Having the ability to believe in yourself and your goals. “They can because they think they can”.

“Beliefs have the power to create and the power to destroy.”
—Anthony Robbins

We see athletes lose confidence when they focus on things other than their own performance. They start to focus on the negatives such as when they didn’t ride as fast as last week or they didn’t beat that person in the time trial. They start focusing on the uncontrollable instead of the controllable and let it play on their mind in a negative way. The other mistake athletes make in this area is to compare training programs or sessions. Remember that we are all individual and that you need to believe in the training YOU are doing with 100% of your being and that alone means your training will be effective!

When Chris McCormack was asked by an amateur triathlete; “What are the secret sessions the professional athletes do that we amateurs are not doing?“ His reply was “to be honest, there are no secret sessions” “They simply do not exist”

He then talked about one of his coaches Brett Sutton and I think this sums up the importance of believing in every session you do.

Brett’s biggest strength was his way of motivating an athlete. He empowered them to believe that what they were doing was the right stuff, and that there were no limitations to what they should chase.  Brett’s biggest strength was his ability to get into the head of the athlete and give him or her that belief. The training itself could be very hard, but it was really unsophisticated and repetitious. When you intertwine this with the building up of the athlete mentally, the mix was potent. What I took from Brett was that the belief in what you are doing is more important than what you are actually doing.

4) Concentration:

Losing concentration in training or on race day can ruin a quality session and will play with the mind and on race day it can prevent you from executing your individual plan and cause major stress and even accidents.

Distractions can be internal such as worries/thoughts about past situations and mistakes; negative self talk and fatigue can also cause poor concentration. External distractions such as other competitors and the crowd can add to loss of concentration.

Other ways to take your mental training to another level.


Visualisation is something that can be used by anyone but is often only used by elite athletes as it is misunderstood. Imagery is an exercise that can be undertaken to improve performance but without the physical stresses – you can do it anytime of the day or night.  Much like a pilot uses a simulator to improve performance, skills, coping mechanisms etc you can use imagery to master your skills and performance. It can be done internally (through your own eyes) or externally (seeing yourself from outside your body) If you can use all the senses such a sight, hearing, smell taste, touch and movement then it is ideal – all the time you are creating muscle memory within the nervous and muscular system to improve performance – how cool!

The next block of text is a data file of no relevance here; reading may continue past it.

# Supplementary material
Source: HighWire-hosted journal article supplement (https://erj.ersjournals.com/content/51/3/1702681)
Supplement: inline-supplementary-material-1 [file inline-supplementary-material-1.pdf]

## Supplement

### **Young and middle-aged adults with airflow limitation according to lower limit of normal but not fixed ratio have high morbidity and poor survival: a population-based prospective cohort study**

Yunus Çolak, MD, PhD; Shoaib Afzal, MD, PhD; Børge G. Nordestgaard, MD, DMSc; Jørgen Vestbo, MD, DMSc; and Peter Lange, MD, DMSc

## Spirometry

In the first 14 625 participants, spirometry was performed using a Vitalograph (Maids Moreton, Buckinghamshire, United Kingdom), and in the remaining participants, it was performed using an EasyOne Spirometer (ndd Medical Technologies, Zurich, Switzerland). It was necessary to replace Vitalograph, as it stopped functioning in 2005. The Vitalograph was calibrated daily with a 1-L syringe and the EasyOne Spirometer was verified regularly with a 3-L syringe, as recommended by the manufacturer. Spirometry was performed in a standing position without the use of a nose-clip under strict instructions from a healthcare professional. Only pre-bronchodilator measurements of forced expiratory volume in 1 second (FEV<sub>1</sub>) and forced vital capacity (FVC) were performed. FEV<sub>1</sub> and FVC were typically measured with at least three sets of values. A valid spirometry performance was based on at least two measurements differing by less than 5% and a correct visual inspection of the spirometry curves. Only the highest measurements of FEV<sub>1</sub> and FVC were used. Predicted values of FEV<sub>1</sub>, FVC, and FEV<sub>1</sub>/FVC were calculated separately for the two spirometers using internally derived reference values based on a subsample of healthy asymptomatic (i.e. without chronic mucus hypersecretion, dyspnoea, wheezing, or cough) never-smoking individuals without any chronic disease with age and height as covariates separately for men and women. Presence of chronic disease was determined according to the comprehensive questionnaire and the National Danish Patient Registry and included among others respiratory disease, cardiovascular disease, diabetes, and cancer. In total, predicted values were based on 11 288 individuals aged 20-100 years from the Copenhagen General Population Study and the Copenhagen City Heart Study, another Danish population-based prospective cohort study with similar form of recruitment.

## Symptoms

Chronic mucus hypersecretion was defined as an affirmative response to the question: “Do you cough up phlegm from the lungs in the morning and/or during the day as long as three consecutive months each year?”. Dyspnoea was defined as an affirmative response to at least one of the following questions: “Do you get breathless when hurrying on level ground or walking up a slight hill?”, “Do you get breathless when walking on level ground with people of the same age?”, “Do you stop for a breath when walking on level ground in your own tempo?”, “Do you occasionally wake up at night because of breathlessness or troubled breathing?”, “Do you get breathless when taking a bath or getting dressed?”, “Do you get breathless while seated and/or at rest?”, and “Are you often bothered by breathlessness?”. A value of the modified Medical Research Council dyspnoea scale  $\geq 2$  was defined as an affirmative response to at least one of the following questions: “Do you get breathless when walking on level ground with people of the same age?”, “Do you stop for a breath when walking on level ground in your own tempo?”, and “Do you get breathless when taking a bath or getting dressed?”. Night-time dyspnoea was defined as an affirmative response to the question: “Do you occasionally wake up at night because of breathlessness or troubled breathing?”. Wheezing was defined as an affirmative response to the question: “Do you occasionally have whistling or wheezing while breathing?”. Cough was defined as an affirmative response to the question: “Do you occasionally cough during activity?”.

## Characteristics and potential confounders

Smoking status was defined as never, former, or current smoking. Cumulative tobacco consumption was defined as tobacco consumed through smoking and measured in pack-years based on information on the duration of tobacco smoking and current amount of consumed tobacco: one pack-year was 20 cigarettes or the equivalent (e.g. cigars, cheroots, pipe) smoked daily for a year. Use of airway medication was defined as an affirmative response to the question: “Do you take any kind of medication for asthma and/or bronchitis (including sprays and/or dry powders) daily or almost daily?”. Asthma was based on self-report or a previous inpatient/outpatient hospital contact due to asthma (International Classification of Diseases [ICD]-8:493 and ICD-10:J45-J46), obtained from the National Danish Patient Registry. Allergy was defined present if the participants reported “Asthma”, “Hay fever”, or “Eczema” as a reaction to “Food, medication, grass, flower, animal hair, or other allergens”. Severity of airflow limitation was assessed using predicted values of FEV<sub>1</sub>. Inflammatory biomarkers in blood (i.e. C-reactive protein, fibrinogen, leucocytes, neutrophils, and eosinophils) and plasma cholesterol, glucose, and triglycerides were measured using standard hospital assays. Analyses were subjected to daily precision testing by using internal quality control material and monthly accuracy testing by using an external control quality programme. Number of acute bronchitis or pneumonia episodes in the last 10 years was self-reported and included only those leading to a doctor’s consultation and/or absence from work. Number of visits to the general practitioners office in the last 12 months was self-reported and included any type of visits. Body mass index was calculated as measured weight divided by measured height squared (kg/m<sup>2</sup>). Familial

Running through your race from warm up through to the finish line addressing possible scenarios in your mind and picturing yourself looking fit, strong and positive is a great way to work on this area.

Visualisation isn’t necessarily visualising winning but visualising yourself going through each process of the race perfectly.

Mental routines:
You wouldn’t go into a race without a physical routine such as a warm up so don’t go into a race without your mental routine to help you get into the zone and psyched up!  A mental routine can help you relax and narrow focus and build confidence. Using music that gets you energised and positive can also help.

A mental routine is the process you need to take your mind through in order to be prepared to race well. Your physical routine may be to have breakfast, check gear, set up transition, warm up etc and your mental routine will have your mind set to race. You may benefit from taking yourself away from others and sitting still or maybe listen to a favourite workout tune.

Other thoughts:

In the final weeks, I believe it helps to choose not to share or verbalise any doubts and that will give ammunition to that left side of the brain – keep your thoughts positive. You can directly affect your race by the thoughts you choose to have prior to and during your race.

Triathlon is an endurance sport and endurance racing is a mental game. If you are not committed to your absolute best race then you are not ready to race physically or mentally – it is as simple as that! Go into your race with a clear plan and keep in mind that the day is a long one and that your thoughts are ultimately going to affect your result. Being stubborn is going to one of the best character traits you can have on race day. Stay positive, stick to YOUR plan and be an OX – seriously stubborn even when it gets tougher!

Here are some techniques to help you play the mental game:

·       Commit to your sessions.
·       Set realistic goals and expectations and use them in training but not on race day.
·       Don’t compare your training to others – big mistake!
·       Trust and believe in the training YOU are doing and your program or coach!
·       Focus on the process, not the outcome and control the controllable’s.
·       Totally believe in yourself - you deserve that!
·       Focus on the positive’s during training and on race day – hold good technique, stay strong, think about what you are achieving and how fortunate we are!
·       Draw inspiration from your support crew and what they have done for you.
·       When it gets tough – get tougher.
·       Put on your poker face – it may hurt and it may not be going to plan but it can pass so keep your body language and your thoughts positive.
·       Don’t give in – be stubborn. You will come away from the race satisfied if you don’t let the race beat you!

AIS brainwaves:  how to improve attention, concentration and control.


AIS brainwaves will help you understand self-confidence and how to build it.


AIS brainwaves: More about imagery:


AIS brainwaves:


Jeff Galloway: